Georgia Republicans rallying
Senior Republicans on Capitol Hill see the tax overhaul as their signature accomplishment going into this fall’s midterms, and message-makers seek to frame the election as a lower taxes-higher taxes choice between the GOP and Democrats.
“People don’t want to do away with their tax cut. They don’t want to lose the growth they’re getting in the economy,” said U.S. Rep. Steve Stivers of Ohio, the head of House Republicans’ campaign arm. “The Democrats have pledged to repeal our tax plan, which means our economy will grind to a much slower pace, wages will go down.”
That message has carried down to Georgia, where the state’s lawmakers have sought to highlight that contrast while mingling with their constituents.
Most Republican members of Georgia’s delegation appeared with House Speaker Paul Ryan when he stopped by Home Depot’s store support center in March to tout the tax plan. And several were also on hand two weeks later when Vice President Mike Pence visited town to energize conservative voters about Trump’s agenda.
Handel was among them, as was U.S. Rep. Rob Woodall, R-Lawrenceville. They’re both locked in competitive re-election battles this year in Atlanta’s northern suburbs.
The tax plan has added to almost everybody’s paycheck, Handel’s congressional website says. “With the trend of economic growth and confidence continuing,” it says, “Americans are going back to work, staying at work, and getting paid more for the hard work they do.”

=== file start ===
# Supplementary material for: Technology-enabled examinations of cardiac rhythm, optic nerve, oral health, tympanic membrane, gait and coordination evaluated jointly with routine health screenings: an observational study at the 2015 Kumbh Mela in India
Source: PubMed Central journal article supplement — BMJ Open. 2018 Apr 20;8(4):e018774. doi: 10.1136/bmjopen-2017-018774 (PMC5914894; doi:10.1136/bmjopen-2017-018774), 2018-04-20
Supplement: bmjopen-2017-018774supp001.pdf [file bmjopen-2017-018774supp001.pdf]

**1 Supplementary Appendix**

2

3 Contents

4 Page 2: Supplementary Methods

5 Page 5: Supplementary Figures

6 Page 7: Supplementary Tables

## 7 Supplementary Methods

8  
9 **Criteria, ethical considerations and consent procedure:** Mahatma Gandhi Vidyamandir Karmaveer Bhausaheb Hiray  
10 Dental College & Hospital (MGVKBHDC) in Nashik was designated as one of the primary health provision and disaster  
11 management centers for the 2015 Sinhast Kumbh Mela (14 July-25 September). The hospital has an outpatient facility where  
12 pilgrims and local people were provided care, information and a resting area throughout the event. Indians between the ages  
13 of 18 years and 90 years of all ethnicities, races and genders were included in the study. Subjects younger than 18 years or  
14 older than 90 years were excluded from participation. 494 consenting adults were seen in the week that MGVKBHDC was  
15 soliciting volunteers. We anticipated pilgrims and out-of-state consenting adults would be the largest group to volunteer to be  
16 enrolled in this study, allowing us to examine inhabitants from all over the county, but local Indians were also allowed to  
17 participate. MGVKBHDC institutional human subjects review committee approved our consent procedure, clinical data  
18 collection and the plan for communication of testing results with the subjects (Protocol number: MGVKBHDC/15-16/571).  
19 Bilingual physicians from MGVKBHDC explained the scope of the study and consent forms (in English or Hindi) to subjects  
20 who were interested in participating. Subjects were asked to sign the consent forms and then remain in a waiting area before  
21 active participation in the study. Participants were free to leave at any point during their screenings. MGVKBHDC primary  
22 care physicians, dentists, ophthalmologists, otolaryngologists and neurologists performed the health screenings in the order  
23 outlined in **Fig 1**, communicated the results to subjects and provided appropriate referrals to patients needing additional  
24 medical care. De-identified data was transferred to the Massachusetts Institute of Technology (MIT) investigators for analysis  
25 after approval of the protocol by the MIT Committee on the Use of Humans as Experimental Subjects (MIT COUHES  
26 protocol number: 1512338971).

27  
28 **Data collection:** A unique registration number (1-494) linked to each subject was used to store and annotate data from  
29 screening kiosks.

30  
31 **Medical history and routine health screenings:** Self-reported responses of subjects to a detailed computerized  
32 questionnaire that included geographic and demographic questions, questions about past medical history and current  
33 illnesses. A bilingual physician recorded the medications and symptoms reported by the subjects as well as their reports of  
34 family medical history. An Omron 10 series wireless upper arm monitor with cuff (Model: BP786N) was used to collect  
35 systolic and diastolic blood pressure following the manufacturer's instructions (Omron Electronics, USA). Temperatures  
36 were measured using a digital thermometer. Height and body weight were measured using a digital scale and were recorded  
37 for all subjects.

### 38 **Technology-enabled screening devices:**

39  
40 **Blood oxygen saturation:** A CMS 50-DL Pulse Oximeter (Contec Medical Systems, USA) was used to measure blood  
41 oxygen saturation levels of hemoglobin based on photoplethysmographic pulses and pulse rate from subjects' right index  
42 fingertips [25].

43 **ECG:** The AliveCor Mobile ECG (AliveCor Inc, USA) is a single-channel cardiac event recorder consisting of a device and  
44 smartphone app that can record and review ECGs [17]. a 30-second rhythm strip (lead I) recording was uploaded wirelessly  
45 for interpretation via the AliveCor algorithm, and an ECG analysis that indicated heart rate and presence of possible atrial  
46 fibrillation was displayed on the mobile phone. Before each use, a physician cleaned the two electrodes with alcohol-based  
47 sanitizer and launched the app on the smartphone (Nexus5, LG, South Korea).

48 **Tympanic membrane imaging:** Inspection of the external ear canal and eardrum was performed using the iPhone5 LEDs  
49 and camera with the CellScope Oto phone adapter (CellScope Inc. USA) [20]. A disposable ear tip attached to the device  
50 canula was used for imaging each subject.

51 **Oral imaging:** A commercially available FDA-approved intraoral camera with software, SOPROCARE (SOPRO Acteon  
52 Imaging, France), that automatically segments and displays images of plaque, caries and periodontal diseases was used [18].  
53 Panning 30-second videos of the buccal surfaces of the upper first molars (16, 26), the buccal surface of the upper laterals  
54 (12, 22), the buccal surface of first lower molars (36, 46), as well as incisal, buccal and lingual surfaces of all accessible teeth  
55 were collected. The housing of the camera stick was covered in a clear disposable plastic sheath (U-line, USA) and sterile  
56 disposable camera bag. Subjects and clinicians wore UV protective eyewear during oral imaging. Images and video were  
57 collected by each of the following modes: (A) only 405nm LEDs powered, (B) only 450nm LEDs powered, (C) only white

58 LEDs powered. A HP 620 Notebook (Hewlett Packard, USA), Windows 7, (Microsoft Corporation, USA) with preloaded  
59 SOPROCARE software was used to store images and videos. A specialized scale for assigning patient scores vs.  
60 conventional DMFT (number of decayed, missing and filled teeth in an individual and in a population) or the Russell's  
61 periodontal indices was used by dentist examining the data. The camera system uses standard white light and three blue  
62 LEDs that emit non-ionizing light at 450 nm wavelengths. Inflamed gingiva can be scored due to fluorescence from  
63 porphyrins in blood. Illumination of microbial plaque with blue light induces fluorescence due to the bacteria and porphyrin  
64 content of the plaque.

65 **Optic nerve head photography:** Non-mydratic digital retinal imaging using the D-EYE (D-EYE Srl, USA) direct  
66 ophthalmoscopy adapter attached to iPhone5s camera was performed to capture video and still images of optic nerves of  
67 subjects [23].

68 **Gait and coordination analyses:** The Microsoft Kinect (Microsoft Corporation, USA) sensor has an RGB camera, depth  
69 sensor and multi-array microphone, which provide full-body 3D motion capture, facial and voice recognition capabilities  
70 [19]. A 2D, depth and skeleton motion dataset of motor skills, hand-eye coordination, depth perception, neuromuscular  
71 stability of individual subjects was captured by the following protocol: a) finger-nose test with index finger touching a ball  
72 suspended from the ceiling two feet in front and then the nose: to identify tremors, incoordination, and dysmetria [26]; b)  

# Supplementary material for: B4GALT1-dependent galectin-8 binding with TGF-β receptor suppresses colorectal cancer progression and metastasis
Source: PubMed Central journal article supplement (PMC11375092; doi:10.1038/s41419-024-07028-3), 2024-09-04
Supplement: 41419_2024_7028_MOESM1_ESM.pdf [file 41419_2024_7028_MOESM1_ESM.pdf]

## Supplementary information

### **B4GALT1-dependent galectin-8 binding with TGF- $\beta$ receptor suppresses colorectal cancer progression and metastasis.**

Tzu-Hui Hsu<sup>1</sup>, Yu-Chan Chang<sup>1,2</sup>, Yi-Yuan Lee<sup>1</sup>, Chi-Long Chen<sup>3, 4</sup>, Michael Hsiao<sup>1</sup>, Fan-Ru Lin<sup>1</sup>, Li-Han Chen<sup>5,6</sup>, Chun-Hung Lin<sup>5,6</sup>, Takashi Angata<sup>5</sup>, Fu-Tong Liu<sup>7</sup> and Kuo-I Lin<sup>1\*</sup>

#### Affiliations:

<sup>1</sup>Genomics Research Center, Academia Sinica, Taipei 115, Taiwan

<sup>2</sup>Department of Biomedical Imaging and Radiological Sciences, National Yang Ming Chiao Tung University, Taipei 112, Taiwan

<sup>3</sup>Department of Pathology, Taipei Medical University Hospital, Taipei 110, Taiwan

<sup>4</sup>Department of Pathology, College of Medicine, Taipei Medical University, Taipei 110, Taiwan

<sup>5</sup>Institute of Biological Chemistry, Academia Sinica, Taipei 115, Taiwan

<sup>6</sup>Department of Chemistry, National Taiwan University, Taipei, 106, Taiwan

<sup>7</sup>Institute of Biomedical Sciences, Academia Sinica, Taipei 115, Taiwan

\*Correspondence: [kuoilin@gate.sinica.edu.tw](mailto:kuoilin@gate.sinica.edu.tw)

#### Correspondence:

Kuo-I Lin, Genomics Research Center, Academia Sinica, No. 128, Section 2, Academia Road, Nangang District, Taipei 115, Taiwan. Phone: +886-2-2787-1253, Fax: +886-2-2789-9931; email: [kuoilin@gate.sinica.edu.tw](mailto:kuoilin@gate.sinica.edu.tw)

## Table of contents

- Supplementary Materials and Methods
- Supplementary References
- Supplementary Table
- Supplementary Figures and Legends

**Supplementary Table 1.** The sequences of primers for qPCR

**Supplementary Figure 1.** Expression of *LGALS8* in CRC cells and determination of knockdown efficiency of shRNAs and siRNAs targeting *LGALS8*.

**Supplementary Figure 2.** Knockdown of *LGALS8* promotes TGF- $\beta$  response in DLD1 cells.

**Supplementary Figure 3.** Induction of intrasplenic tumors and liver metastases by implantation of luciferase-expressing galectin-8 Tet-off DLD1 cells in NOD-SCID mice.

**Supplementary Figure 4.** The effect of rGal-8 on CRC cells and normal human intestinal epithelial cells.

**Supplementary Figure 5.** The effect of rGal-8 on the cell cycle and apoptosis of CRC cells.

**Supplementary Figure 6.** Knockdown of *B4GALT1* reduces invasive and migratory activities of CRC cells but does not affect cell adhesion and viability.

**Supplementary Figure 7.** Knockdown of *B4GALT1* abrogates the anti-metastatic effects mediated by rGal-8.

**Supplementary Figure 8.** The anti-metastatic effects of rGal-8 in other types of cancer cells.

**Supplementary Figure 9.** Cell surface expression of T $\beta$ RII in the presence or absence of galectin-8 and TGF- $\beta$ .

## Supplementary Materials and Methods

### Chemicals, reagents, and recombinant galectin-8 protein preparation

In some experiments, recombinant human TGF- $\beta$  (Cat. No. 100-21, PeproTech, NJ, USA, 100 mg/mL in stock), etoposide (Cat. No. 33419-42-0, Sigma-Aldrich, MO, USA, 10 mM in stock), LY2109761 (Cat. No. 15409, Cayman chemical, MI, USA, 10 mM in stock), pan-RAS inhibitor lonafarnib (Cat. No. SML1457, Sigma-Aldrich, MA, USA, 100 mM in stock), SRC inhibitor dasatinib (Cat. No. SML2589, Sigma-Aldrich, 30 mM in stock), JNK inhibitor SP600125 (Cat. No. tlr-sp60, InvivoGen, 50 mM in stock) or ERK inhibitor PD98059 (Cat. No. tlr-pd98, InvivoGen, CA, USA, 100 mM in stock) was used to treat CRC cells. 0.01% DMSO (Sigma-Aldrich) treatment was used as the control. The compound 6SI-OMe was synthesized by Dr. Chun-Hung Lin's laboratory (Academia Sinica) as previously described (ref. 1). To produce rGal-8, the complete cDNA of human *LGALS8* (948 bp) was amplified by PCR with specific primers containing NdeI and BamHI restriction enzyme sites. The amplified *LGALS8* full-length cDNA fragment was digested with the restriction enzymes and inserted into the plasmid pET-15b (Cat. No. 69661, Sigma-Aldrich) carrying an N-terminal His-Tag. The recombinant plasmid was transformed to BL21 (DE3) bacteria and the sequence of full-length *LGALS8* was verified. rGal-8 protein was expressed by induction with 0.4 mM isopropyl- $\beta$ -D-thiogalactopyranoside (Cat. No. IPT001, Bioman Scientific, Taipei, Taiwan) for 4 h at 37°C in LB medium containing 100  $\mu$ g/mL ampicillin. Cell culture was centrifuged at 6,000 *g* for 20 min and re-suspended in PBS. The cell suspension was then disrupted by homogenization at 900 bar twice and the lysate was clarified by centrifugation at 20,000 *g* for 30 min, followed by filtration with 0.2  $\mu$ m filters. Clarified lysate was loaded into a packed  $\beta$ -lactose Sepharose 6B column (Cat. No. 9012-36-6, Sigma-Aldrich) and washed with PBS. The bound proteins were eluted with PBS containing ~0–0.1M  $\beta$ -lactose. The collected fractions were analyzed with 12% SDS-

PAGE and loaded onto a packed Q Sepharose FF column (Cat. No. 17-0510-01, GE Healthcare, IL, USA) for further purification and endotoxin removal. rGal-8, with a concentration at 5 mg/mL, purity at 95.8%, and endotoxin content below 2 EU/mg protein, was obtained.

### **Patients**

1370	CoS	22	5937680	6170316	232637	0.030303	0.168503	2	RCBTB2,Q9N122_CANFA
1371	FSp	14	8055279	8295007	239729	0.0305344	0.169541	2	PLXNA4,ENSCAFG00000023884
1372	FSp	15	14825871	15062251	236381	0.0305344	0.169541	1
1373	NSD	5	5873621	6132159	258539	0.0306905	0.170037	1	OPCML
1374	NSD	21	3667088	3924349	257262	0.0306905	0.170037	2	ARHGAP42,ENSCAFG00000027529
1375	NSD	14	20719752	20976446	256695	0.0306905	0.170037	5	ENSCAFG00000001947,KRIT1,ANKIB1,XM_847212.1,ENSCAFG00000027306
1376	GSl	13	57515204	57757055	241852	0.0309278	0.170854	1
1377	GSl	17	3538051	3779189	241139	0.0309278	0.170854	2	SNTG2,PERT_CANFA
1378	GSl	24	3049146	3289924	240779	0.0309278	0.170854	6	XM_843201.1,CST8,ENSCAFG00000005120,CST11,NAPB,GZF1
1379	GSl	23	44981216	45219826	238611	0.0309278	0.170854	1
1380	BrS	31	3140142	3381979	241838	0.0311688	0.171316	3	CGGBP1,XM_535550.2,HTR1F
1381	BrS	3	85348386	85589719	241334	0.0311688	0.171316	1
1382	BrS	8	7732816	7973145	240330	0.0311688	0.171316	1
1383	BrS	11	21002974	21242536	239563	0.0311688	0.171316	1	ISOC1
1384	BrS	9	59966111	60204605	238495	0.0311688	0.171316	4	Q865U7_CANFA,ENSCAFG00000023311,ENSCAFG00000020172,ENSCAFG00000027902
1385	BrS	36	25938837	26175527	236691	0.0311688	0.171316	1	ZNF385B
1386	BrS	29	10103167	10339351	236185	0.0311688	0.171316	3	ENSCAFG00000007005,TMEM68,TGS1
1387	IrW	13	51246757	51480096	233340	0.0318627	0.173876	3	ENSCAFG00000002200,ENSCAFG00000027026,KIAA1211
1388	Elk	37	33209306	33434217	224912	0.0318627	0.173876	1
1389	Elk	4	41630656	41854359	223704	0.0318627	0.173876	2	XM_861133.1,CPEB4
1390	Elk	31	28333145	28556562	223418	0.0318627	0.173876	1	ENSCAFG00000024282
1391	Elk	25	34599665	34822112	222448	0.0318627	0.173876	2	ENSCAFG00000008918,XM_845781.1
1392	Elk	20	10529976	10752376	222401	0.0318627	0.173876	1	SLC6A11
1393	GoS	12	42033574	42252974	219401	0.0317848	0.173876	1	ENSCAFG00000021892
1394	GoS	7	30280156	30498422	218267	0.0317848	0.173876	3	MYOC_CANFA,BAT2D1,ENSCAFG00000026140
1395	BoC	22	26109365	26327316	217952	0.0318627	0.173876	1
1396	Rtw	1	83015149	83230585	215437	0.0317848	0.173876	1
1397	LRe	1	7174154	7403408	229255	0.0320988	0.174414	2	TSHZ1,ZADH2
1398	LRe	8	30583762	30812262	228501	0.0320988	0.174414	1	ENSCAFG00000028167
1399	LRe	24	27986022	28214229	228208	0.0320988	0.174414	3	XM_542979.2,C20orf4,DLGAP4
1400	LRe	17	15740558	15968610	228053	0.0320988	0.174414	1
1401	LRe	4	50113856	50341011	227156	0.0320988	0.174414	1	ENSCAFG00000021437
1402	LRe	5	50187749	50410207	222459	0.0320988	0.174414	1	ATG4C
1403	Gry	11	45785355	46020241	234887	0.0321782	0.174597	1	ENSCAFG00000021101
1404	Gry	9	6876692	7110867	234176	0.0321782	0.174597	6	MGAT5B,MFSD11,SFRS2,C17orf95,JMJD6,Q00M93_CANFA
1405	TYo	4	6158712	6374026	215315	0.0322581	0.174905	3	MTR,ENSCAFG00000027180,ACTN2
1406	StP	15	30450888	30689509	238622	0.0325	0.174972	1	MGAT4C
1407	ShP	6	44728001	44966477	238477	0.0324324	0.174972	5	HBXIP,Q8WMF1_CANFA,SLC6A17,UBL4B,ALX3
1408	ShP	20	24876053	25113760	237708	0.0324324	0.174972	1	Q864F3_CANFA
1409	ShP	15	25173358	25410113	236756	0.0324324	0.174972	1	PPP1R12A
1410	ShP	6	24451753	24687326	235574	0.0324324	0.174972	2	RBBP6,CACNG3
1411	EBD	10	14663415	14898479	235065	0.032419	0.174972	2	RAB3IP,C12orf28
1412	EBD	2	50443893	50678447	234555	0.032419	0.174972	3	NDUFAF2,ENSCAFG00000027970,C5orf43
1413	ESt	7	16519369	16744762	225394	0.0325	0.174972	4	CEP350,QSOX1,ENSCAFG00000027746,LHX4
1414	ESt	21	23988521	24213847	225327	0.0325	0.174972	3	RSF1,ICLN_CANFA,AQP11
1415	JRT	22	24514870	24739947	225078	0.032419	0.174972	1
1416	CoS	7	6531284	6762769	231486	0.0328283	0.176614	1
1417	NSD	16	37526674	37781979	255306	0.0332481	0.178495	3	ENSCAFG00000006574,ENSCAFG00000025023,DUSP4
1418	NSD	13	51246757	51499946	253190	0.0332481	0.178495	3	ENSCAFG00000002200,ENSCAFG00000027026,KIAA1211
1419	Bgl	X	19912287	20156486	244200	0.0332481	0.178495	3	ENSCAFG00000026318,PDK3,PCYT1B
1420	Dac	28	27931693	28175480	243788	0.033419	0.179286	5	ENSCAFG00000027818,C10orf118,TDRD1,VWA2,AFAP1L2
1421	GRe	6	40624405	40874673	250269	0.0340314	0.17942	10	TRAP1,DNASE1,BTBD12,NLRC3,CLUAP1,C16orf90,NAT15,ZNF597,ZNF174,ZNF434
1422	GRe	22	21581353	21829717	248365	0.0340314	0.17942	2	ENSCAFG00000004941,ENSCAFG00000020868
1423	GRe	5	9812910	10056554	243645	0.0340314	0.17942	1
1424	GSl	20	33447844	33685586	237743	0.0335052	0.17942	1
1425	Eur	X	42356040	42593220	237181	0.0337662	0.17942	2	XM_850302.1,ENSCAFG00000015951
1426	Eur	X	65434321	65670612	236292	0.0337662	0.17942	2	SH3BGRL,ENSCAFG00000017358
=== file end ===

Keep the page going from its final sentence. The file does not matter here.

Woodall wears a pin on his lapel every day showcasing his support for the “Fair Tax,” a proposal long linked to Georgia that would replace federal personal and corporate income taxes with a national sales tax.
He supported the Republican tax plan and sold it to constituents as a steppingstone to the Fair Tax system.
The legislation, he said at the time, “is a mechanism to move away from the failings of the past, and I believe it positions us to do even bigger things with tax policy moving forward.”
While the region’s Republicans are out touting the tax plan, their Democratic challengers have all lined up against it.
Carolyn Bourdeaux, a Georgia State University professor challenging Woodall, has called for its repeal.
“That was not a tax cut, that was a cash advance on our national credit card,” she said last week during an Atlanta Press Club debate. “And it is very heavily weighted toward corporations and very wealthy individuals.”
Two of her most well-funded opponents, businessman David Kim and attorney Ethan Pham, opposed the law, but they didn’t call for its outright repeal.
“I will support any bill that actually puts more money into the pockets of working families and small businesses in Gwinnett and Forsyth counties,” Kim said. “Unfortunately, this bill does not do enough.”
A spokesman for Pham said the candidate supports tax cuts that “actually reach the middle and lower classes, while reversing the cuts for those at the top, including corporations that off-shore profits.”
Next door in the 6th Congressional District, where four Democrats are tangling to take on Handel in the fall, several frame the tax plan as a giveaway to the rich that blows a hole in the national debt.
“I absolutely oppose the Trump-Handel tax scam. I think it is fiscally irresponsible,” Lucy McBath, a prominent gun control advocate, said during a recent debate. “I want to be able to give tax relief to middle-income families and small businesses.”
Former news anchor Bobby Kaple criticized the law’s new limits to the state and local income tax deduction, which he said harms working families, while businessman Kevin Abel faulted GOP tax-writers for making the corporate tax cuts permanent but not those for middle-class families.
“I support permanent tax relief for hardworking Americans and have no problem with cutting tax rates to make American businesses more competitive,” Abel said, “but this bill was an irresponsible and reckless giveaway to the ultrarich and corporations.”